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Ukraine war

The mass exodus from Russia

Locals in Helsinki greet emigrating Russians with “welcome” signs. Emmi Korhonen/Lehtikuva/AFP/Getty 

No one knows how many people have fled Russia in the last two weeks, says Mikhail Viktorovich Zygar in Der Spiegel, but it’s definitely in the “hundreds of thousands”. In “perhaps the least visible exodus in history”, Russia’s middle classes are fleeing the country however they can. At least 20,000 have gone to Georgian capital Tbilisi, where disgruntled locals have launched a petition to introduce new visa requirements. With European airspace closed to Russian aircraft, ticket prices for flights from Moscow to countries such as Turkey, Azerbaijan and Mongolia have increased almost tenfold.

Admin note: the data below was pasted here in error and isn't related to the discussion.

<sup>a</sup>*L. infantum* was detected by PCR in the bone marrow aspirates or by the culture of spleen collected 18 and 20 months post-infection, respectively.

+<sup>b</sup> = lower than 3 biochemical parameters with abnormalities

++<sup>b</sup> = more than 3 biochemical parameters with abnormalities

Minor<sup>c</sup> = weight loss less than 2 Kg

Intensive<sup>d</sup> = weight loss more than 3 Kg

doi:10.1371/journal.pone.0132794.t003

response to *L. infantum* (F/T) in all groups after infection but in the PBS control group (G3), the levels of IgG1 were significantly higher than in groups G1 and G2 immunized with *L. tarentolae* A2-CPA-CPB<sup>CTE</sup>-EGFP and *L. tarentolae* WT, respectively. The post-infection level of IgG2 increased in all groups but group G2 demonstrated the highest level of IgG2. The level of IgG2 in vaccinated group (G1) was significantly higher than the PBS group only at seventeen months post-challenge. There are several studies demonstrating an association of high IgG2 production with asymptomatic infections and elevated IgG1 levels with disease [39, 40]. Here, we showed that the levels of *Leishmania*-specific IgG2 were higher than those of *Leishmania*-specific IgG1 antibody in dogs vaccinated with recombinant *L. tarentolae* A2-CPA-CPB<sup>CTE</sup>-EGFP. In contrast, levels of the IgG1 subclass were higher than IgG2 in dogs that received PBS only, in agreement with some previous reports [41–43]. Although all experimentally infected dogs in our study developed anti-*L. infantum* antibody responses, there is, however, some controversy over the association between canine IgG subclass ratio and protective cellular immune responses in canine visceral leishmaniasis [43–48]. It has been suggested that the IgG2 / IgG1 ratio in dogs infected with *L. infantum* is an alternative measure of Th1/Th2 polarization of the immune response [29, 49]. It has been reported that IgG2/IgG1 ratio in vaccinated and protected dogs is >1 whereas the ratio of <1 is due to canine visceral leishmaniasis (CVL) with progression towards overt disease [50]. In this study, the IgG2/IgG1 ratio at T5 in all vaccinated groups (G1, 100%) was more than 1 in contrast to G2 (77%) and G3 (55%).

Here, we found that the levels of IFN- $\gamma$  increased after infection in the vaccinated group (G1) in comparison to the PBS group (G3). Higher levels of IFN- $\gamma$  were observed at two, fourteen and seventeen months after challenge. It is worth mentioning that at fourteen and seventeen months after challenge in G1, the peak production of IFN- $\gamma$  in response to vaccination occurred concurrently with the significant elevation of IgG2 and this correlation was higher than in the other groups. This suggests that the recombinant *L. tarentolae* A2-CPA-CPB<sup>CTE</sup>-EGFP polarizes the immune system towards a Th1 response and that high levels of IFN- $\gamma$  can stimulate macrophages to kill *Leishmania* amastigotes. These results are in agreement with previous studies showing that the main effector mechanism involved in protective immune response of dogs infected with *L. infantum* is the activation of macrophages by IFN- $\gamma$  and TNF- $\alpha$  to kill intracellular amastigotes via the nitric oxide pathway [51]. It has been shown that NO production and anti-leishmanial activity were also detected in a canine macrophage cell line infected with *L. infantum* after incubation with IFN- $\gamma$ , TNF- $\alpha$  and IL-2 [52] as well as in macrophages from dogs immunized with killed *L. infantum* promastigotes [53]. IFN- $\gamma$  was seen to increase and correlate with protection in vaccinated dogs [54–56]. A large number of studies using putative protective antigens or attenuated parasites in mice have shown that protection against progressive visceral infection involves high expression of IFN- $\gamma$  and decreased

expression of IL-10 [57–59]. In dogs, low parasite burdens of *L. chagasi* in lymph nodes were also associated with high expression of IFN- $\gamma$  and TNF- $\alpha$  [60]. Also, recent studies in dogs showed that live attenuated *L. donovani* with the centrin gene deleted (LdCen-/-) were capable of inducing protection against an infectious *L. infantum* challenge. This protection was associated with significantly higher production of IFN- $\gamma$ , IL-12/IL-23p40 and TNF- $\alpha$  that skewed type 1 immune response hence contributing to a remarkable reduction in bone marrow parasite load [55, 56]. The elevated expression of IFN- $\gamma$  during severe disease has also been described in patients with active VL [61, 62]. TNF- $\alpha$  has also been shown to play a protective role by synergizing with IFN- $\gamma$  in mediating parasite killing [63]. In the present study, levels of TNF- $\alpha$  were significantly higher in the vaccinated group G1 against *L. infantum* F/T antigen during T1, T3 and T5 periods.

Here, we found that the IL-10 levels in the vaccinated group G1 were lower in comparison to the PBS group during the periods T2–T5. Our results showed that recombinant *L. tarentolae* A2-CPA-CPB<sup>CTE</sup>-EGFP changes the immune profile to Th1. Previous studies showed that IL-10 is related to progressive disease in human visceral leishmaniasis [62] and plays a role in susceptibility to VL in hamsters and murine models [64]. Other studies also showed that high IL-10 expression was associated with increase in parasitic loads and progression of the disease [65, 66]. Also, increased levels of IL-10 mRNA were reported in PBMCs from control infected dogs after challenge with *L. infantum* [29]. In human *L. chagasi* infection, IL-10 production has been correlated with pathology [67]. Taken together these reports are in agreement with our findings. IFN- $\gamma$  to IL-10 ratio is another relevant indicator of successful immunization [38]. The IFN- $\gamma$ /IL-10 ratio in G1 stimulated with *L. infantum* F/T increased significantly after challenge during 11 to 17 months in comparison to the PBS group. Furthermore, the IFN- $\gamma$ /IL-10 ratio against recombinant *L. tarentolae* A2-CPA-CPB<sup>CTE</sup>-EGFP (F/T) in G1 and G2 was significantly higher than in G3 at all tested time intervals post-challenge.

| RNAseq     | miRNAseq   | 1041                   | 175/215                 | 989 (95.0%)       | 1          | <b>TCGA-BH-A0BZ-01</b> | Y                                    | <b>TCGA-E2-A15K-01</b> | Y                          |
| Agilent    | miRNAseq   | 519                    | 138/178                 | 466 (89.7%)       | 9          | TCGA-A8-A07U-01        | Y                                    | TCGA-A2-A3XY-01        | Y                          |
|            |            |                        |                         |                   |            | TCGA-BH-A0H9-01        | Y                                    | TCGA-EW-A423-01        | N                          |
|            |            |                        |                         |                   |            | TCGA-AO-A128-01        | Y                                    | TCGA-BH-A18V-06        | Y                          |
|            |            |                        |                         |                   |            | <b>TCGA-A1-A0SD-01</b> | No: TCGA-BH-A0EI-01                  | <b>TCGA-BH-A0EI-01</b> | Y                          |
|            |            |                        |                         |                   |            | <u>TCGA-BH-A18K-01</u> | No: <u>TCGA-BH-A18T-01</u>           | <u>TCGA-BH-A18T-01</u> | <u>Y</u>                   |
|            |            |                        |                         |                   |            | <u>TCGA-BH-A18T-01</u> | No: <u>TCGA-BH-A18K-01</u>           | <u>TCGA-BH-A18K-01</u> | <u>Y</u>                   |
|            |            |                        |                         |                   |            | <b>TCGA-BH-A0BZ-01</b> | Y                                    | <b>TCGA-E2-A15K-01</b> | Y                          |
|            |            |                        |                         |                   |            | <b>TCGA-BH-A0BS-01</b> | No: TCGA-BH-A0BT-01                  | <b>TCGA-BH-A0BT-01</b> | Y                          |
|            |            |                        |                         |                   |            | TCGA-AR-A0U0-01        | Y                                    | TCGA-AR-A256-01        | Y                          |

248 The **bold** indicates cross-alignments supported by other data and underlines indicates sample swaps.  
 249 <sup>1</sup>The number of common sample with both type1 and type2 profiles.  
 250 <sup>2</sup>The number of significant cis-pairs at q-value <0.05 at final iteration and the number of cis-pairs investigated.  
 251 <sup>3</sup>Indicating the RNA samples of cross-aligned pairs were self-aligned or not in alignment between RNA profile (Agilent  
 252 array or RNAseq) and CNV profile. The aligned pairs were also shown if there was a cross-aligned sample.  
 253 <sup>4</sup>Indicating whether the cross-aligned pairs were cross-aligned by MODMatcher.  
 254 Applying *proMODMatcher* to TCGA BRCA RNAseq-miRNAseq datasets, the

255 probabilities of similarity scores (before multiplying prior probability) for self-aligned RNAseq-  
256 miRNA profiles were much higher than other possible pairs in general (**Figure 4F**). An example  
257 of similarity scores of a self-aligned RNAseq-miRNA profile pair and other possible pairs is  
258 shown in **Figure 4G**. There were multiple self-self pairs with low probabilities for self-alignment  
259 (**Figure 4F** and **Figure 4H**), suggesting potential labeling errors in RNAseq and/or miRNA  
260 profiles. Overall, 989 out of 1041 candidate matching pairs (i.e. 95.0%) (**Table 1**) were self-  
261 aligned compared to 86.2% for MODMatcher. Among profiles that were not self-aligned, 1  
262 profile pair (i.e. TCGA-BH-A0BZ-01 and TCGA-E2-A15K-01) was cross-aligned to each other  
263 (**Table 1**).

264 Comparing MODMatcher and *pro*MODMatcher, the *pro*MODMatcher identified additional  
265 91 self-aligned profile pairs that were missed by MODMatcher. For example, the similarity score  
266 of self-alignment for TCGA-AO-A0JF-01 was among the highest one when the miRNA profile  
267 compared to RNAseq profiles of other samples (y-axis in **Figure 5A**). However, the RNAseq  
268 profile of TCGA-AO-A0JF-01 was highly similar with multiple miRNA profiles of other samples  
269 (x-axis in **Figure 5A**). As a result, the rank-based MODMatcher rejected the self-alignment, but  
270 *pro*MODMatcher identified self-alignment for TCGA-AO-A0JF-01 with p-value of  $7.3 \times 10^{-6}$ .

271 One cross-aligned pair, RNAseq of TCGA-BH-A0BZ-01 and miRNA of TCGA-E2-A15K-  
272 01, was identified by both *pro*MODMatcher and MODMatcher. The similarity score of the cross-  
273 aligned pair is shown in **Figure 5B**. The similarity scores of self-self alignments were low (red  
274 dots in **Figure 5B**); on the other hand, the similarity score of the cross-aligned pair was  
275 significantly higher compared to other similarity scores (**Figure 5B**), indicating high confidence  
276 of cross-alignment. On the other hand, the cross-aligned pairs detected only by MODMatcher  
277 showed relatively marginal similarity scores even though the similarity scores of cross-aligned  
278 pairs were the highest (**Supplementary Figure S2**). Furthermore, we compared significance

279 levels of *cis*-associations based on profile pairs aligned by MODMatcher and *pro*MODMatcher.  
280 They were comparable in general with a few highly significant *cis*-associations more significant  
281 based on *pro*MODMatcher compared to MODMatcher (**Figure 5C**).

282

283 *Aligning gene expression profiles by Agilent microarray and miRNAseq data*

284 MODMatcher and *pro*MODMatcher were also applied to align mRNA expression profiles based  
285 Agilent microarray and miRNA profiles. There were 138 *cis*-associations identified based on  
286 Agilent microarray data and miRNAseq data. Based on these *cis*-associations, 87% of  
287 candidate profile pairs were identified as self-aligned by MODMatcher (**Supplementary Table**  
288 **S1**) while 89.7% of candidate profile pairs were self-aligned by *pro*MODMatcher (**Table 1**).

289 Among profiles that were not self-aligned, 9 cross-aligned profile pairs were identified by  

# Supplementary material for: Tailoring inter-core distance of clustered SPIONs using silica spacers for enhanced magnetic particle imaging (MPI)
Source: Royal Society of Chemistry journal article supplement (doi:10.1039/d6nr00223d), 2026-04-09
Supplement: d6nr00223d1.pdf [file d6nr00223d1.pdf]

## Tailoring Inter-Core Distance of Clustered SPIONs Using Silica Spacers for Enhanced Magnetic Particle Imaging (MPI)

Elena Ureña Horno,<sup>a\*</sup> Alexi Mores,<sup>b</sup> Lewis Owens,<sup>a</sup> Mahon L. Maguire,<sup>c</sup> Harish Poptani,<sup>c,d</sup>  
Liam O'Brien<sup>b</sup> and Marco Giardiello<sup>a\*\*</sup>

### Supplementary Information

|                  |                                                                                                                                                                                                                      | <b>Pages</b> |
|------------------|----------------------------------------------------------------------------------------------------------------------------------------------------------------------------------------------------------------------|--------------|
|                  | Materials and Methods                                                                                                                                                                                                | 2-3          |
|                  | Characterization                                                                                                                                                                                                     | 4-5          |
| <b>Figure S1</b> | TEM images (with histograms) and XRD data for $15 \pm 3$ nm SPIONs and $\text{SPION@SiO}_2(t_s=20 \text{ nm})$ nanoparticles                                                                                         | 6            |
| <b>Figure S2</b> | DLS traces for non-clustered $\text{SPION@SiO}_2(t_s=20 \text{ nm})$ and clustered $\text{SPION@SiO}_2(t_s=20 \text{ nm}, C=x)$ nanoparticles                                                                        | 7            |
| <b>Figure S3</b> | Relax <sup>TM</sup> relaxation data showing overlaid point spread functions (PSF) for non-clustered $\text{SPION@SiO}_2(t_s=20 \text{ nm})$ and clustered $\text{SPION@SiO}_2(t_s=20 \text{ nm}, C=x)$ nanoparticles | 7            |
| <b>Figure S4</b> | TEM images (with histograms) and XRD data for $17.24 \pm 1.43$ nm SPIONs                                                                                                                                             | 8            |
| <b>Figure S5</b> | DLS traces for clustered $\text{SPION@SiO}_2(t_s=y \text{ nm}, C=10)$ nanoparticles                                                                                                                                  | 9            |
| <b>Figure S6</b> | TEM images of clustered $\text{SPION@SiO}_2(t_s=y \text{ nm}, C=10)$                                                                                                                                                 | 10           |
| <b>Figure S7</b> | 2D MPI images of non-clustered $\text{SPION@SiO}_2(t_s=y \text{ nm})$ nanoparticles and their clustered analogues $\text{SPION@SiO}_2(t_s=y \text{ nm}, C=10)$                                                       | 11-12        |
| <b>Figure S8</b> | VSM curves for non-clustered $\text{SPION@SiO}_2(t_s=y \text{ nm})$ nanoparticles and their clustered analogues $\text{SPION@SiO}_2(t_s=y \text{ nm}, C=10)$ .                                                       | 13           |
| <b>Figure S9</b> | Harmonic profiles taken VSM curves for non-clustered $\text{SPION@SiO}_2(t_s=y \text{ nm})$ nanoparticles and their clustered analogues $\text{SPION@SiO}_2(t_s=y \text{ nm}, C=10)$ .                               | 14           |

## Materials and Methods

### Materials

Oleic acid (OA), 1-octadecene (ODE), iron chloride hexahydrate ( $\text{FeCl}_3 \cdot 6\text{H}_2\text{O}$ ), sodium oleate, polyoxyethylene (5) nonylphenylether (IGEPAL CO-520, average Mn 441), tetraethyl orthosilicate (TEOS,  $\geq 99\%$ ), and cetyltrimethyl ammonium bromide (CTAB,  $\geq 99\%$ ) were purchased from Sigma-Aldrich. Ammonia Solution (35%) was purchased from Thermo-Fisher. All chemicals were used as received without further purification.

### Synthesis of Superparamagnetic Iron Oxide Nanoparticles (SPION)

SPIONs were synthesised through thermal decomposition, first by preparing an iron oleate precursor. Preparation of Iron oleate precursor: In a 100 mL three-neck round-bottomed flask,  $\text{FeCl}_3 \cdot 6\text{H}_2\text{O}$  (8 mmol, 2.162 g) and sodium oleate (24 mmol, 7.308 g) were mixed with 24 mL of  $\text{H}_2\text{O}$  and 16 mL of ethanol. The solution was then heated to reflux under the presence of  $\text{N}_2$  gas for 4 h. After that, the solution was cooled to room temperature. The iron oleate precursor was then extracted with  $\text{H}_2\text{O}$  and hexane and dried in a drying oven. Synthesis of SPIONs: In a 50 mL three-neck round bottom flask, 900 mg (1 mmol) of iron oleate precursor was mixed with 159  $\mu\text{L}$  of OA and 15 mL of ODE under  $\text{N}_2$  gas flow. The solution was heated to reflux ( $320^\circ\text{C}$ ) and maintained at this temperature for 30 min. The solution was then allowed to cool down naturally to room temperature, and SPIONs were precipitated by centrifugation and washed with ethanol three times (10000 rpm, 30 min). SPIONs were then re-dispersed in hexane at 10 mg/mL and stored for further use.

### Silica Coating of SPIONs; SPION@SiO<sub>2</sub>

The question of whether or not it is time to leave has been “the most popular topic of small talk in Moscow for the last 20 years”. Russia has a long and dark history of suddenly closing its borders: the Bolsheviks in 1918; the USSR during the Cold War. The current exodus is driven in part by people fearing for their safety. But many of my countrymen also felt they “could not allow a war to be waged in their names”. The Kremlin is glad to see the back of them: there are already proposals to strip emigrants of their citizenship and nationalise their property. And Putin will certainly be happier to have his critics elsewhere.